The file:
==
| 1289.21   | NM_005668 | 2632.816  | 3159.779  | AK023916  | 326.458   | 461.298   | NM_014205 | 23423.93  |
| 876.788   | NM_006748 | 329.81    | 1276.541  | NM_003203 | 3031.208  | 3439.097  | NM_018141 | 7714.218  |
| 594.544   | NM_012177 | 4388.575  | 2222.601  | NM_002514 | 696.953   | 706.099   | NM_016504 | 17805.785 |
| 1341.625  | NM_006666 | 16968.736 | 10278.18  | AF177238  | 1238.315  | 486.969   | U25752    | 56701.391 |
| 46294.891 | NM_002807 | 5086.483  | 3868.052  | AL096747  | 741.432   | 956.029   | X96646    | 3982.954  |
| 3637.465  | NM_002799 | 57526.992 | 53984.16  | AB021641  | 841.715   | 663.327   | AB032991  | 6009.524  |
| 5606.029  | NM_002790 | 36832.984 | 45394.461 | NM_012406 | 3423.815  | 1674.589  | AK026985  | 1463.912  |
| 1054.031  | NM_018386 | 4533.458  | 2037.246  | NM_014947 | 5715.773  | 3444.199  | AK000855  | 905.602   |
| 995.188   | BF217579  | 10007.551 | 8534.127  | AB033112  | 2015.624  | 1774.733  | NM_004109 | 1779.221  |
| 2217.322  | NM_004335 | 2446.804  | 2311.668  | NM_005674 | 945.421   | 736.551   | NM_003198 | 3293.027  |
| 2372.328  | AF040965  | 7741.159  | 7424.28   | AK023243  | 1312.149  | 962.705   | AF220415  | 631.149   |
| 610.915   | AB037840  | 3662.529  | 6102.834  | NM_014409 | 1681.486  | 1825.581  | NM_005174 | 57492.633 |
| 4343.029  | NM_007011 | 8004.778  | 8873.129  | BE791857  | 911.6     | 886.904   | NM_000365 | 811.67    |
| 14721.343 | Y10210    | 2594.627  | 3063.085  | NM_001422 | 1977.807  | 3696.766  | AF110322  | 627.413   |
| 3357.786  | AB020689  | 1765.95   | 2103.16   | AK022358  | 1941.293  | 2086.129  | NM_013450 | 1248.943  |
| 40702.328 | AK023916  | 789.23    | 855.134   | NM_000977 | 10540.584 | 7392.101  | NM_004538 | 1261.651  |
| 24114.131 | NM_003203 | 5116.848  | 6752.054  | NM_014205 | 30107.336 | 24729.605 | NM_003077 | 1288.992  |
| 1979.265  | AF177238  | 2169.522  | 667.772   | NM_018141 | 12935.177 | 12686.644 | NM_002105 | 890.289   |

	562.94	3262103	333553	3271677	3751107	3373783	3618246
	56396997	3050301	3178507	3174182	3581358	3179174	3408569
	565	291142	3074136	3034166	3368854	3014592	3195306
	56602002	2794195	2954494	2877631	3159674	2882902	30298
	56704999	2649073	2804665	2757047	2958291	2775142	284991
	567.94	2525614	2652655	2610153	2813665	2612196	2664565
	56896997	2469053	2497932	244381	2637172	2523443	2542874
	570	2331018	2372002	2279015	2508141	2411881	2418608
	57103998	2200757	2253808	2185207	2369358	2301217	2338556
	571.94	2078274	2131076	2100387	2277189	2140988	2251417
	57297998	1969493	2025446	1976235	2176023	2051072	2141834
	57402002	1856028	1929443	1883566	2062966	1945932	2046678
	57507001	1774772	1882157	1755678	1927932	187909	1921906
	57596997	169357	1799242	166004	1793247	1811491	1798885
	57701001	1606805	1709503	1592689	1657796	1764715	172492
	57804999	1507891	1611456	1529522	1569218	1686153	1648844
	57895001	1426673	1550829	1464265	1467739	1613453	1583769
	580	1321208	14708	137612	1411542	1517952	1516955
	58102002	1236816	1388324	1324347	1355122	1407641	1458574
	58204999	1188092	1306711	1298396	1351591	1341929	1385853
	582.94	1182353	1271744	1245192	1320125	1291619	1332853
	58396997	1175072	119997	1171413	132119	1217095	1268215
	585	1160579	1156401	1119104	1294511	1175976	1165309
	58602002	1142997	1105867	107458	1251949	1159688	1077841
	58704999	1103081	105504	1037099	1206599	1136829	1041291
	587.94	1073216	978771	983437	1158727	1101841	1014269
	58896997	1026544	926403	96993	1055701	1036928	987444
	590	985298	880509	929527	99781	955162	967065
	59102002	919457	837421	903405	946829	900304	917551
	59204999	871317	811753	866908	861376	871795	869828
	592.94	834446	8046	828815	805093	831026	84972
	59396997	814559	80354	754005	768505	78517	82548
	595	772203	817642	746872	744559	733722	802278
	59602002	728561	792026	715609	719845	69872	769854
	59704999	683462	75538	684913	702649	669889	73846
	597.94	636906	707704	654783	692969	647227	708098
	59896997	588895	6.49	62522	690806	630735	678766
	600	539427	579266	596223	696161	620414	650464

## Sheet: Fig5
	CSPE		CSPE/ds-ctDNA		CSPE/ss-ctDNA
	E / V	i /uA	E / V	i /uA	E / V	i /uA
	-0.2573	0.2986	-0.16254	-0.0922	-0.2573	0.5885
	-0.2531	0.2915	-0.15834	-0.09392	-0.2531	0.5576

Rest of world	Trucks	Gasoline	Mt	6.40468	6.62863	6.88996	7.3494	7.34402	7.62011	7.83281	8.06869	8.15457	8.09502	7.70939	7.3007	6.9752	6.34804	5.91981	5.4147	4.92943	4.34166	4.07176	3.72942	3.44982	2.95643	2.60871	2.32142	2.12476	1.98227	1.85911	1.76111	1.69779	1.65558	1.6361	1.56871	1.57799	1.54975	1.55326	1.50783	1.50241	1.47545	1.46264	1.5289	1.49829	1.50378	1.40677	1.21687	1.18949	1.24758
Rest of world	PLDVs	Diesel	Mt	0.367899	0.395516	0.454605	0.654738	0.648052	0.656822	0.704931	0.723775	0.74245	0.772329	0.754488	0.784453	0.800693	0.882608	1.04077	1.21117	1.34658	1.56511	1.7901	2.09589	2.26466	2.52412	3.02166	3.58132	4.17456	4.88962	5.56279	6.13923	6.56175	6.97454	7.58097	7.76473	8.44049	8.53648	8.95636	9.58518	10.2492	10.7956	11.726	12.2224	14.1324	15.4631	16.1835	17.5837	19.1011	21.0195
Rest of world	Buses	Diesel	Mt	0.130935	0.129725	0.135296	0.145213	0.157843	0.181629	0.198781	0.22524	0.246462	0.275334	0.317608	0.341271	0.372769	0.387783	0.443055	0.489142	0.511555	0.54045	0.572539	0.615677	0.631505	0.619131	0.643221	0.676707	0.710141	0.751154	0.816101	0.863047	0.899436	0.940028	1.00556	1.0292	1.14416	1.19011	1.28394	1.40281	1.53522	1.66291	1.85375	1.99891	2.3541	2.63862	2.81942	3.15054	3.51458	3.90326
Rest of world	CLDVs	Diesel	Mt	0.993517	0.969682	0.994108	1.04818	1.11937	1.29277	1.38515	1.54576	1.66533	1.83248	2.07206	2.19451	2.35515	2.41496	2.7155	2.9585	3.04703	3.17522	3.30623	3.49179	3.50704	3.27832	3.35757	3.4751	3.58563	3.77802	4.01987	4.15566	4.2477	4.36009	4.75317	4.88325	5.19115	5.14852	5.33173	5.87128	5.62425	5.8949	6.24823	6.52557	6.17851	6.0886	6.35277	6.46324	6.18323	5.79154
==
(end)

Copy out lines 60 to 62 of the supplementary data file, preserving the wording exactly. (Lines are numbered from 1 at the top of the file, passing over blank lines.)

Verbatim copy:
	-0.2573	0.2986	-0.16254	-0.0922	-0.2573	0.5885
	-0.2531	0.2915	-0.15834	-0.09392	-0.2531	0.5576

Rest of world	Trucks	Gasoline	Mt	6.40468	6.62863	6.88996	7.3494	7.34402	7.62011	7.83281	8.06869	8.15457	8.09502	7.70939	7.3007	6.9752	6.34804	5.91981	5.4147	4.92943	4.34166	4.07176	3.72942	3.44982	2.95643	2.60871	2.32142	2.12476	1.98227	1.85911	1.76111	1.69779	1.65558	1.6361	1.56871	1.57799	1.54975	1.55326	1.50783	1.50241	1.47545	1.46264	1.5289	1.49829	1.50378	1.40677	1.21687	1.18949	1.24758